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A few days ago I revisited the National Civil Rights Museum & Jacqueline Smith at the Lorraine Motel in Memphis Tennessee. It had been 3 years and 192 days since my last visit to this location. I know this from comparing Jacqueline Smith’s protest days sign I took pictures of. During my first visit I was in a hurry do to time constraints. So I didn’t stop to have a conversation with Jacqueline. This year even though it was starting to get late in the day I made sure to try and strike up a conversation. At first opening a “dialogue” seemed forced. I’m not sure if she just didn’t feel like talking in the cold weather or if she didn’t like me. After a bit of feeling out we had a nice talk.
With the success of the National Civil Rights Museum I’d assume not many visitors are taking Jacqueline Smith’s advice and boycotting it. What I will say is what I stated at the end of our conversation. That even if you don’t agree with her opinion you should at least listen or read what she has to say so you can form your own opinion on the subject.
The conversation started with me saying that I had visited a few years back but didn’t take the time to chat. So this year I had wanted to see what items she had displayed and maybe have a chat. During our talk I mentioned how all the surrounding buildings were being turned into condos. I asked if anyone hassled her or if most people left her alone now. She stated she has lawyers for that and didn’t get involved when & if authorities gave her any hassles. I made mention for those who thought she wasn’t present during adverse weather that her being there that day showed differently. Granted I have no way of knowing if she was there all night. From what I have read she may only protest during the day.
During our talk I mentioned how Graceland had it’s expansion plans on hold. But the corporation that runs it had bought land. I told her I’d had a conversation with a Graceland employee about where the people from the surrounding neighborhood would go. The Graceland employee and I had a very serious discussion about how many people in that area probably couldn’t afford to move. She told me that at least one apartment complex had already been vacated and torn down.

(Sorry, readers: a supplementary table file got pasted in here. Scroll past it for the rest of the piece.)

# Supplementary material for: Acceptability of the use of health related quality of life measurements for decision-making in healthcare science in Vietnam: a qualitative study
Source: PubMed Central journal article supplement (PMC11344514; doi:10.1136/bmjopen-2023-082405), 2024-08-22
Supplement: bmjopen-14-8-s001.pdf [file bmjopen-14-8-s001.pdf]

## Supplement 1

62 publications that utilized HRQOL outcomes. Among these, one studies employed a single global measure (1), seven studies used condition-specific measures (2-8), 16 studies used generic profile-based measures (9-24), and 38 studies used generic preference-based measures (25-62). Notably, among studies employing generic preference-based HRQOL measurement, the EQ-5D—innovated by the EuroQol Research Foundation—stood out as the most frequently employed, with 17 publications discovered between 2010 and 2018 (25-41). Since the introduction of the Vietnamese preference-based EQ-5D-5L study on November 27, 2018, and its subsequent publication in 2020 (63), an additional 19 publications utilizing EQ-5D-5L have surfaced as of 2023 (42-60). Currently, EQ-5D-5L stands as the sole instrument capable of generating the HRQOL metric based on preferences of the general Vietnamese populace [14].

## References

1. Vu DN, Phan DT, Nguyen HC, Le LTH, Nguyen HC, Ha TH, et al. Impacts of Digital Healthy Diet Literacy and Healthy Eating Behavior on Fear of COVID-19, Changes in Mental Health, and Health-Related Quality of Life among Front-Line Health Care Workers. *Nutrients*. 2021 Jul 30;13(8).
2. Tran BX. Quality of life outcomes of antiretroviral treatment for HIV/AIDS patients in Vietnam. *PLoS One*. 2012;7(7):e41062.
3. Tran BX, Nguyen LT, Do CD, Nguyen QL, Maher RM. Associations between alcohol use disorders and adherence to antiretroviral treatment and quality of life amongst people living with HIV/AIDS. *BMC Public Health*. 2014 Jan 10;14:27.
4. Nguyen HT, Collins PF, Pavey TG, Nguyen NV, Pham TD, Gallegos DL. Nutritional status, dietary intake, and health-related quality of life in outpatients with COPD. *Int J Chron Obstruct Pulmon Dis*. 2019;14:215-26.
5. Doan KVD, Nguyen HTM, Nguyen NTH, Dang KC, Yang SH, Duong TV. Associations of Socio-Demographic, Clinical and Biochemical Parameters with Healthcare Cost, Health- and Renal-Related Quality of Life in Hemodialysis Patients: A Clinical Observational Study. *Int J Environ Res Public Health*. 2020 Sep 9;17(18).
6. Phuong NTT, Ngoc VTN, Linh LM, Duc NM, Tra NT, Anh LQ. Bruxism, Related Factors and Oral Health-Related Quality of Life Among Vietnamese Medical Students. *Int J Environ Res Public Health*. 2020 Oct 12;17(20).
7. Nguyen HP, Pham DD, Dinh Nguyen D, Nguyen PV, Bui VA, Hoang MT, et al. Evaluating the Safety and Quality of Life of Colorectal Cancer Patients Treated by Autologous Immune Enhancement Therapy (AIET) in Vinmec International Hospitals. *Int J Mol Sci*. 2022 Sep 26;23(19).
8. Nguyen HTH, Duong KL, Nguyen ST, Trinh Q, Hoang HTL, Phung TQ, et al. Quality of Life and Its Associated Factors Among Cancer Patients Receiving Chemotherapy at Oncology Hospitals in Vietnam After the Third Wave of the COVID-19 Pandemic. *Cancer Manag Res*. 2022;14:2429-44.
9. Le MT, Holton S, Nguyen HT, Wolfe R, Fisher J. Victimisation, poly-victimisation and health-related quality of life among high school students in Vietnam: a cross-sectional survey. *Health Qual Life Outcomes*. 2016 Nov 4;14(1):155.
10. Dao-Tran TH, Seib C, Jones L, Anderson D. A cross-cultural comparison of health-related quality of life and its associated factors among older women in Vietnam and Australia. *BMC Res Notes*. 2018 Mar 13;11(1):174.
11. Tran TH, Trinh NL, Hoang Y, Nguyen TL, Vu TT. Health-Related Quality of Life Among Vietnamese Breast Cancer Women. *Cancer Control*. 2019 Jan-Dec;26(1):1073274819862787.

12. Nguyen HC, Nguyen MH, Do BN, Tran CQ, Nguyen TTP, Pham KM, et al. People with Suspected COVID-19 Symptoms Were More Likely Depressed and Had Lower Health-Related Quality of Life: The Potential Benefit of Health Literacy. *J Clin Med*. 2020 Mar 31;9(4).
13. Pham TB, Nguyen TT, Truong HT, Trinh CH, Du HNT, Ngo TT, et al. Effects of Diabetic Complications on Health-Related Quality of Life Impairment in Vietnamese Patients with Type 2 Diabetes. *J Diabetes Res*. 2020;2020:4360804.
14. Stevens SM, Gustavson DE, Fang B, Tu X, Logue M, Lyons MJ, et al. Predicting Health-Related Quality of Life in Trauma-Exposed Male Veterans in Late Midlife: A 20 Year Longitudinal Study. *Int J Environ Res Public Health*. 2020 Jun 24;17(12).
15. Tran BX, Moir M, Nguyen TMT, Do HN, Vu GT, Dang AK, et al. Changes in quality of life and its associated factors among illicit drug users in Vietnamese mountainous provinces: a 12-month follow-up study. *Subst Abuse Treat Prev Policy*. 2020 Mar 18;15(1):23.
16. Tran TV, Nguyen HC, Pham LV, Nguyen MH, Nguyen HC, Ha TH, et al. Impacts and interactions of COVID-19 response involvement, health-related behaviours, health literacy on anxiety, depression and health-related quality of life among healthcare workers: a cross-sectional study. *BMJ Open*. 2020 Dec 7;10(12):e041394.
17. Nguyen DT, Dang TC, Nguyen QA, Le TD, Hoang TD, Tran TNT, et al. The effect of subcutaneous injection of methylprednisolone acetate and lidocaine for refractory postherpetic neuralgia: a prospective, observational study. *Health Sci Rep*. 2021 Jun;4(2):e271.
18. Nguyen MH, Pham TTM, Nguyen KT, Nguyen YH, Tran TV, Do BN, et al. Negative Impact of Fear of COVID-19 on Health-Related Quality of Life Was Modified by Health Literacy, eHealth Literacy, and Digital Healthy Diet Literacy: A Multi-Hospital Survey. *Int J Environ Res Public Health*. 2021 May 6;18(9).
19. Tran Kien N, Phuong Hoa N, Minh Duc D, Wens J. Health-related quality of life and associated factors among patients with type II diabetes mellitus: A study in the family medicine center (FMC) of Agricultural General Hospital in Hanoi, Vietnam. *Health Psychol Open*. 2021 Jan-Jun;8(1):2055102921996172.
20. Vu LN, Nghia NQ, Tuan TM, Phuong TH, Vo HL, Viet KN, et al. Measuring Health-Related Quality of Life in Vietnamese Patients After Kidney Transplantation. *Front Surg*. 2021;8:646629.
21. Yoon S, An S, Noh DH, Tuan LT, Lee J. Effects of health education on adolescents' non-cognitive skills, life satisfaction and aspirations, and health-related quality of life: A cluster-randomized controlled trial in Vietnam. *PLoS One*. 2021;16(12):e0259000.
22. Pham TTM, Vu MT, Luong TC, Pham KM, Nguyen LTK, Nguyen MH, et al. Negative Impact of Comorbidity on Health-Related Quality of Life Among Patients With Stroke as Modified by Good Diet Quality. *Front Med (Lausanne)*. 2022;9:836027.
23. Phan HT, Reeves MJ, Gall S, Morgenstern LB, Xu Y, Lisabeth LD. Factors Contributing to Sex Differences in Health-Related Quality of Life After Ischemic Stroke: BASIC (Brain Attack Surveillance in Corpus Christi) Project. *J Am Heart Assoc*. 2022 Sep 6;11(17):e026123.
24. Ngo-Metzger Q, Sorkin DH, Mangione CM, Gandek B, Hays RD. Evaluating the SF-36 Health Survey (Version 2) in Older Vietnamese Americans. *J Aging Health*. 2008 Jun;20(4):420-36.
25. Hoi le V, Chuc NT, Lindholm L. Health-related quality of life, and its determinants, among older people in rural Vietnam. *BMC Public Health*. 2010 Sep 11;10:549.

Some would argue that Graceland brings enough tourist to Memphis that it should be given a pass in regards to making sure the community around it isn’t affected by it’s expansion plans. Others might say that the area around Graceland looks nothing like it did when Elvis lived there. So these upcoming changes aren’t anything to get up in arms about. History has shown that visitors won’t even give a second thought to those who were displaced by this business plan. Of course it could be argued that such a high profile business should do what it needs to so that it can stay profitable. Where do you draw the line between the social good versus the overall economic value?
This is what has happened all around the National Civil Rights Museum and in many other communities around the world. The neighborhoods around the Lorraine Motel were once working class. Now many of the old buildings have been turned into condos and shops. Some people would ask what is wrong with that? It depends on which side of the fence you are on. If you used to living in that neighborhood you were most likely chased out then priced out from coming back and living there. Many would say this is the cost of progress. But where did all those residents go? Did they all find homes?
Even though the citizens of Memphis take great offense when it is pointed out – there is much decay in their community. Just like almost any city in America there is a mix of old and new. The old in many cases has seen better days. What is being maintained is either for tourist purposes or being redeveloped into new uses. In any city where this takes place those who lived in these neighborhoods are almost always displaced. Some say this is for the good of the community. Which isn’t true because if what is being re-purposed was a trouble spot then that problem just gets moved to another part of the city. If people lose their homes and become homeless this adds to the burdens of social services.